THQ's Farrell: Focus On Fewer, Better Core Titles
"Clearly, this is one of the most challenging holiday retail environments that I've experienced in my 18 years at THQ," said CEO Brian Farrell on the company's third quarter results call to investors yesterday, discussing the holiday's soft economy and packed competition.
THQ's revenues fell 30 percent in the quarter alongside the broad loss. The company saw a profit in the same period last year.
Given this "continued economic weakness", Farrell said the company will continue reducing its development and marketing spending through a 24 percent staff reduction and additional cost-cutting initiatives totaling $220 million.
Specifically, said Farrell, THQ will shave $100 million or more from product development. $30 million of those cuts were already executed prior to November, and $70 million more are imminent. The company hopes to bring its fiscal 2010 development budget down to the $250-$260 million range, from $365 million in 2009.
"With respect to the core gamer, the aggregate spending will come down," Farrell told investors. "The idea is focus, focus, focus. But we will compete aggressively.. .when we launch." THQ is "putting fewer core gamer titles into full production," he added, but focusing more heavily on the development and marketing of each.
Farrell singled out Volition's recent Saints Row 2 as an example of that model's efficacy -- he revealed the the game has sold 2.6 million units to date, adding, "When we focus, make a great game, and market it aggressively, we succeed."
Another success for the company has been Relic's PC RTS Warhammer 40,000: Dawn of War, which Farrell said has sold in excess of 4 million units including its expansion packs. The company expects its imminent sequel, Dawn of War II, to be a major revenue driver for its fourth fiscal quarter.
Along with Dawn of War II, Farrell pointed to Yuke's' WWE Legends of WrestleMania, Swordfish Studios' 50 Cent: Blood on the Sand, and Rainbow Studios' Deadly Creatures as expected standout titles for Q4.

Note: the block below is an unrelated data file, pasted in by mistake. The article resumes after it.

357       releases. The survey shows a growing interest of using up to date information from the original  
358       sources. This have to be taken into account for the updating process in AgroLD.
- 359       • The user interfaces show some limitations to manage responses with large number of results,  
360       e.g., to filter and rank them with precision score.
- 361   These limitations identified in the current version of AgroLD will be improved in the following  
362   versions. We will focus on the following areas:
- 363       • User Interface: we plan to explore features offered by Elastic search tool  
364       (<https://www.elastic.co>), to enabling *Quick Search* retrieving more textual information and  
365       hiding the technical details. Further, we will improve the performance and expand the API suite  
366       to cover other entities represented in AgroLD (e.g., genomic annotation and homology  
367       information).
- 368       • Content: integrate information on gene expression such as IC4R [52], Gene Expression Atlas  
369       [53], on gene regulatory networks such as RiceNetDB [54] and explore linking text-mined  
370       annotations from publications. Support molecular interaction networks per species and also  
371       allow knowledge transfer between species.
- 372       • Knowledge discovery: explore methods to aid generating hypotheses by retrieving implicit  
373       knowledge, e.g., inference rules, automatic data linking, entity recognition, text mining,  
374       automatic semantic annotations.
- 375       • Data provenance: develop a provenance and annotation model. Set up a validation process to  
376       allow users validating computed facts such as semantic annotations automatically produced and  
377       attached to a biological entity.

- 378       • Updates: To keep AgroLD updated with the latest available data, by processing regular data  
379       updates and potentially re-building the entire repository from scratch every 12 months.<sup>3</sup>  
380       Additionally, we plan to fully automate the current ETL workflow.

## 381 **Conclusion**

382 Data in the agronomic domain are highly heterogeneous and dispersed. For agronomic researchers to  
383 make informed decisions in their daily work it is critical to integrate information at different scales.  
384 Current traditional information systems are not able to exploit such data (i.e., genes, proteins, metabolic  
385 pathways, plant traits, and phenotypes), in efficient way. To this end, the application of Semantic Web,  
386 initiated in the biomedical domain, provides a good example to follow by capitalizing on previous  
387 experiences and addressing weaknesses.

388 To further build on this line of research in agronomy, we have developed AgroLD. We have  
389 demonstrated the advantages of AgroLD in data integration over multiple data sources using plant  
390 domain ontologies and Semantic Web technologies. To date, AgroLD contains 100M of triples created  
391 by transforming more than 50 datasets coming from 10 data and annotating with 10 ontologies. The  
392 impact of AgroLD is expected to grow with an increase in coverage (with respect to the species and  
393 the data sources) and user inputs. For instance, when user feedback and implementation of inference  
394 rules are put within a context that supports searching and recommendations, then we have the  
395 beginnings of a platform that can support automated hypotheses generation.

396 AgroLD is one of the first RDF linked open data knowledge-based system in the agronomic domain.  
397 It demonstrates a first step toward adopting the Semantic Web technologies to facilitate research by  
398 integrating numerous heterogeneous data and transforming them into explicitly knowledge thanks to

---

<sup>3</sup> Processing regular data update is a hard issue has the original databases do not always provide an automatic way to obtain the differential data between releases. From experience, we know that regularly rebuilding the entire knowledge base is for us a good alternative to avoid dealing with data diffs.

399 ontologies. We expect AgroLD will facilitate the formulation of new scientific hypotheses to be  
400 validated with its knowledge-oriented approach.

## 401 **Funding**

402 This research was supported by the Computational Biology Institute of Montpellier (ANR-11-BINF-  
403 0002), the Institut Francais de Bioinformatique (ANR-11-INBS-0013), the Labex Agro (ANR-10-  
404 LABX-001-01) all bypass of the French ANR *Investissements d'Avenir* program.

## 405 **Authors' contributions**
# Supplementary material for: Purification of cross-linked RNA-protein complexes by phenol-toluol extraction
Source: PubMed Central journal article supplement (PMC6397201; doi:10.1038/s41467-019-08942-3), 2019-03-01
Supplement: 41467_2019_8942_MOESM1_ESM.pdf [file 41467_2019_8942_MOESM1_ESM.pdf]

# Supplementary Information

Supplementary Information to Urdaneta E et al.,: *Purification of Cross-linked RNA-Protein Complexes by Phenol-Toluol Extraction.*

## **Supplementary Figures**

Elsewhere in the Warhammer 40,000 license, Farrell addressed Vigil Games' upcoming MMO set in that universe.
"We think we have a great franchise there. We have a team of professionals who have built these kinds of games down at our Vigil studio," he said. "If you look at all the things we've done with reducing products, that one was a keeper. It has a similar play pattern [to other MMOs], but a very different universe in which to do it. ...We think the Warhammer 40,000 universe is a great fit for PC MMO gaming."
Notably, Farrell acknowledged the likelihood of subscriber figures that do not approach Blizzard's, and claimed THQ's budgeting and projections for the game are taking that into account.
"We think at relatively modest subscriber bases, we can be very profitable on this franchise," he said. "We have a very buttoned-up business model on that franchise based on how we're building that game, and the expertise we're leveraging."
On the topic of core games generally, Farrell warned that price drops are starting to affect bottom lines. "Strong premiere titles like Saints Row can retail at that $59.99 pricing," he said, but "what we have seen is very quick price erosion on titles that don't attain that top-tier status."
The exec also addressed the casual and children's market, a traditionally strong segment for THQ.
In particular, 5th Cell's Drawn to Life franchise was said to have shipped 1.5 million units, HB Studios' Big Beach Sports shipped more than 1.2 million units, and Blue Tongue's De Blob shipped 700,000.
THQ will continue to build on these "already-profitable casual game franchises," Farrell said. On Wii, the company saw its revenues grow 72 percent year over year.
Some projections in that arena were less favorable; the company expects its inevitable game adaptation of Pixar's next film, Up, to be off from usual numbers -- "even from Wall-E," Farrell noted, alluding to that game's lower-than-usual sales.
Asked about the severity and length of the current economic progress, Farrell was understandably noncommittal, but hopeful about the industry's prospects.
"It's a mixed bag out there," he responded. "There were some titles that, in a different environment, we would have gotten reorders on. The good news is, we ended the calendar year in pretty good shape with inventories at retail."
"The post-holiday sell-through has been reasonably good, and so consumers still are buying video games. I want to be very clear about that. How they react long term, I don't think we're able to make that prognostication."